Here lies Master John de Montevilla knight alias ad Barbam, Master of Compredi, born in England, professor of medicine and most devout in prayer, and most liberal giver of his goods to the poor, who travelled over the whole world. He ended the last day of his life in a house in Liège, in the year of our Lord 1372, the seventeenth day of the month of November.

 

So read the epitaph located in the church of the Guillemins, which belonged to a religious order of hermits of St William, founded in 1152. The church was destroyed at the end of the 18th century. In 1866, with the publication of a passage from Ly Myreur des Histors, compiled by the Liège romancer, Jean d’Outremeuse, came the story:

 

In 1372 died at Liège on the twelfth (sic) of November a man who was greatly distinguished for his birth. He was content to be known by the name of John of Burgundy (Jean de Bourgogne), called With the Beard (à la Barbe). He, however, opened his heart on his death-bed to Jean d’Outremeuse, his gossip, who he appointed his executor. In truth, he entitled himself in the deed of his last will, Sir John Mandeville, knight, Earl of Montfort in England, and lords of the isle of Campdi and of the castle Pérouse. Having, however, had the misfortune of killing in his country an earl whom he does not name, he bound himself to travel through the three parts of the world. Came to Liège in 1343. Issued as he was from very high nobility, he loved to keep himself hidden. He was, moreover, a great naturalist, a profound philosopher and astrologer, especially adding a very singular knowledge of physics, rarely making mistakes when he told his opinion about a patient, whether he would recover or not. When dead at last, he was buried with the brethren Wilhelmites in the suburb of Avroy, as you have been able to see more fully above.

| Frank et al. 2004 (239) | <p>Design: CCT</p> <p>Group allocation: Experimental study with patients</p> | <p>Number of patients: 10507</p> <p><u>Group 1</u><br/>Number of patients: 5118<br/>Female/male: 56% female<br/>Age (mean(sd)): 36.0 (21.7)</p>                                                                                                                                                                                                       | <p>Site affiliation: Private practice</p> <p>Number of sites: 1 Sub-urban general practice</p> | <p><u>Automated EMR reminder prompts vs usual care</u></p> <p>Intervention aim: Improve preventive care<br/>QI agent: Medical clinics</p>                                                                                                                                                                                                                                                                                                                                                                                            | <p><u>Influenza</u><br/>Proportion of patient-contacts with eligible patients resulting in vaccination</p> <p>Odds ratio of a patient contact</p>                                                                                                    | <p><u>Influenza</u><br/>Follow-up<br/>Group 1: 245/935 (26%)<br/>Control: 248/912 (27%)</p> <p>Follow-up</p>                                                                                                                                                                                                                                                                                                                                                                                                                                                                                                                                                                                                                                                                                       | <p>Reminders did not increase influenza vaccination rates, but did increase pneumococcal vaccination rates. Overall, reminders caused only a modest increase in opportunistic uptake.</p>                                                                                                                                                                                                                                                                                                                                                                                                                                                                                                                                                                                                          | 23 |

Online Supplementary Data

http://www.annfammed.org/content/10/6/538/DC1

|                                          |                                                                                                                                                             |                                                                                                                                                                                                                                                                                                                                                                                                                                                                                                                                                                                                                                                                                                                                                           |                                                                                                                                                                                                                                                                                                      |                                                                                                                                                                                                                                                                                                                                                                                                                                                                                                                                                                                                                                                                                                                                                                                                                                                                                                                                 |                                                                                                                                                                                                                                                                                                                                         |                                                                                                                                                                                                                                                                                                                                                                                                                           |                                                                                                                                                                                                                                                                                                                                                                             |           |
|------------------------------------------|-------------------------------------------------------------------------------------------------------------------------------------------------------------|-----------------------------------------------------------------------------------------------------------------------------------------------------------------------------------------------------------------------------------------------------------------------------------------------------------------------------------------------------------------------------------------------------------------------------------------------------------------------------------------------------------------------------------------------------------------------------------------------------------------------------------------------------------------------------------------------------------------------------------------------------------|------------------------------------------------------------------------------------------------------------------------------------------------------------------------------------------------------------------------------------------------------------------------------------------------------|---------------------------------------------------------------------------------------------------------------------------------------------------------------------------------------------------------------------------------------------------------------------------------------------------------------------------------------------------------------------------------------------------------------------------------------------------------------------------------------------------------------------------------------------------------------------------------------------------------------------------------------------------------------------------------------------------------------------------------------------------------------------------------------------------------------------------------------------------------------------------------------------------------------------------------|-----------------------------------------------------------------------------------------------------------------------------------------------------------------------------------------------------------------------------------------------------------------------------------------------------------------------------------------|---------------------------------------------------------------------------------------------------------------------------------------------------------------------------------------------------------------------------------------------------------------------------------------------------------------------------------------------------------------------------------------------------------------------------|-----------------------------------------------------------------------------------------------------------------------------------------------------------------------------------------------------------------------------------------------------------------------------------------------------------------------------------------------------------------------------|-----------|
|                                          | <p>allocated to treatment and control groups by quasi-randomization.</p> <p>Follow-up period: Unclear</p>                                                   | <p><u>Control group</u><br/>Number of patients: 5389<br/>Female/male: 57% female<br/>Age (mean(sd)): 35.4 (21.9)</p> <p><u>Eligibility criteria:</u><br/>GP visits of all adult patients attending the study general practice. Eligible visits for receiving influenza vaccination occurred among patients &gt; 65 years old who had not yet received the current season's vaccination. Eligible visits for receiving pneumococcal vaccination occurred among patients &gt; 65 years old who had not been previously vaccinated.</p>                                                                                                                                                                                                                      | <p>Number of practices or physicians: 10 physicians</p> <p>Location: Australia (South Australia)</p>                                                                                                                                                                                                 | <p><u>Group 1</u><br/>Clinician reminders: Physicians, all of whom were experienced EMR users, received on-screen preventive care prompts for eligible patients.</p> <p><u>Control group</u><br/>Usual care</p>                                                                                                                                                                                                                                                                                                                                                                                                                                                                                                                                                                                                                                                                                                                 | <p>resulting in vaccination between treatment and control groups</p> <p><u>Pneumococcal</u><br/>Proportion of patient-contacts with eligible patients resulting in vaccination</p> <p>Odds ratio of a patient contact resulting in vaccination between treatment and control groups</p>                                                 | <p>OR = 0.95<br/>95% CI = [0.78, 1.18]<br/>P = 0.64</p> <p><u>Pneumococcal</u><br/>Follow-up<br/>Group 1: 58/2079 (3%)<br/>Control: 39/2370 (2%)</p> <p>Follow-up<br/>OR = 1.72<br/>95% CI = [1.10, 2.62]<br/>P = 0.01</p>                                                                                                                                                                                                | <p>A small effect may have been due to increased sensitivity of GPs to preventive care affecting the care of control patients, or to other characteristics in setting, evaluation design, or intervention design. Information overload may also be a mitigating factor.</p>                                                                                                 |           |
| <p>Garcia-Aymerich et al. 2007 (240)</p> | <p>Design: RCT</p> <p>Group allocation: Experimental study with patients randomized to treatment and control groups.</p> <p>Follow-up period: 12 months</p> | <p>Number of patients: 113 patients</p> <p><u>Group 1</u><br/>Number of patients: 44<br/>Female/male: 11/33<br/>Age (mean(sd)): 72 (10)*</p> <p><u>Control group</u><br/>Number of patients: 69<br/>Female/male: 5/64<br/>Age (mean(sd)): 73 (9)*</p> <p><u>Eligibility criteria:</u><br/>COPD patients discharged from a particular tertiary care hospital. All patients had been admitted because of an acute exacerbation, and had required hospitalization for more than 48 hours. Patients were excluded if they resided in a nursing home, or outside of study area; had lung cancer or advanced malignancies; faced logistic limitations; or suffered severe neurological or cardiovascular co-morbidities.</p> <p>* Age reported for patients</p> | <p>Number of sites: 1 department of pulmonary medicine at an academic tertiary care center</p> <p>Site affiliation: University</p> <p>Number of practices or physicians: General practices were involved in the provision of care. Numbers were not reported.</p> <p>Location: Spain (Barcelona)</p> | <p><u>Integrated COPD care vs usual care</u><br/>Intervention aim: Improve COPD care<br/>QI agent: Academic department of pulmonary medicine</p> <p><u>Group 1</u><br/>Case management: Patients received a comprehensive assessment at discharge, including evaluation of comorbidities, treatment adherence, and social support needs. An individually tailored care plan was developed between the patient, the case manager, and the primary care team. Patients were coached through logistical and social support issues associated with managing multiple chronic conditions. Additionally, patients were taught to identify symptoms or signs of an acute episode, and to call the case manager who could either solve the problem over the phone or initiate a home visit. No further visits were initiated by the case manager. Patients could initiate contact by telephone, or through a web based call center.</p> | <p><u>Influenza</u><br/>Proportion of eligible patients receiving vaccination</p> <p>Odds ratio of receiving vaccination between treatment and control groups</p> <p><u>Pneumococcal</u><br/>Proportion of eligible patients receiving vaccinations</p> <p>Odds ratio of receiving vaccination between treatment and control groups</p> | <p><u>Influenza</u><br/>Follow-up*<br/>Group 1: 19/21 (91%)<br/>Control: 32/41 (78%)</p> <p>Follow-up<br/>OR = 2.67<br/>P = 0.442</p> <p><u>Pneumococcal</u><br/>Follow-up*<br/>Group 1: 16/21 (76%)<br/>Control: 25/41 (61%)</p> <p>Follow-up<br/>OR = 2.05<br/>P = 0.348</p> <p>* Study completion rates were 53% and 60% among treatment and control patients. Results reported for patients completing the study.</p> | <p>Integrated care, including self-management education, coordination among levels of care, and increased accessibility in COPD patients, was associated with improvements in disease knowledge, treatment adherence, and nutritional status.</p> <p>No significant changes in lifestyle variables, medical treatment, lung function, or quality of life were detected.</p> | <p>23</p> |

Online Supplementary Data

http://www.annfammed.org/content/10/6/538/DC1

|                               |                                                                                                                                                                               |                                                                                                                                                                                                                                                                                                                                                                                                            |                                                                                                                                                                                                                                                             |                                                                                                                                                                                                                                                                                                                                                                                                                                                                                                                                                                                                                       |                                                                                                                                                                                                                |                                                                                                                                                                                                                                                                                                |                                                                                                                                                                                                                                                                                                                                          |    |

(…)

 

That Sir John Mandeville was buried in the Guillemins has never been challenged. Though neither ultimately has anyone proved one way or another if the author of the Travels was connected with Liège at all. (I write this statement, only to discover another book has just been published after a break of about forty years, another book that contends these very points, attempting to prove that our Knight not only came from St Albans but returned there afterwards, and is buried there.)

 

Of the four copies of the manuscript version known to exist in Liège, the 15th century copy of what is termed the Ogier-Liège version, disappeared from the University of Liège library, probably between 1860 and 1875. Two Latin versions, written in 15th century, are still there. And a final copy that was earlier in the library of the ex-Abbaye de St Jacques has disappeared, location unknown, meaning into a private collection.”

 

from Three Faces of Liège, 2009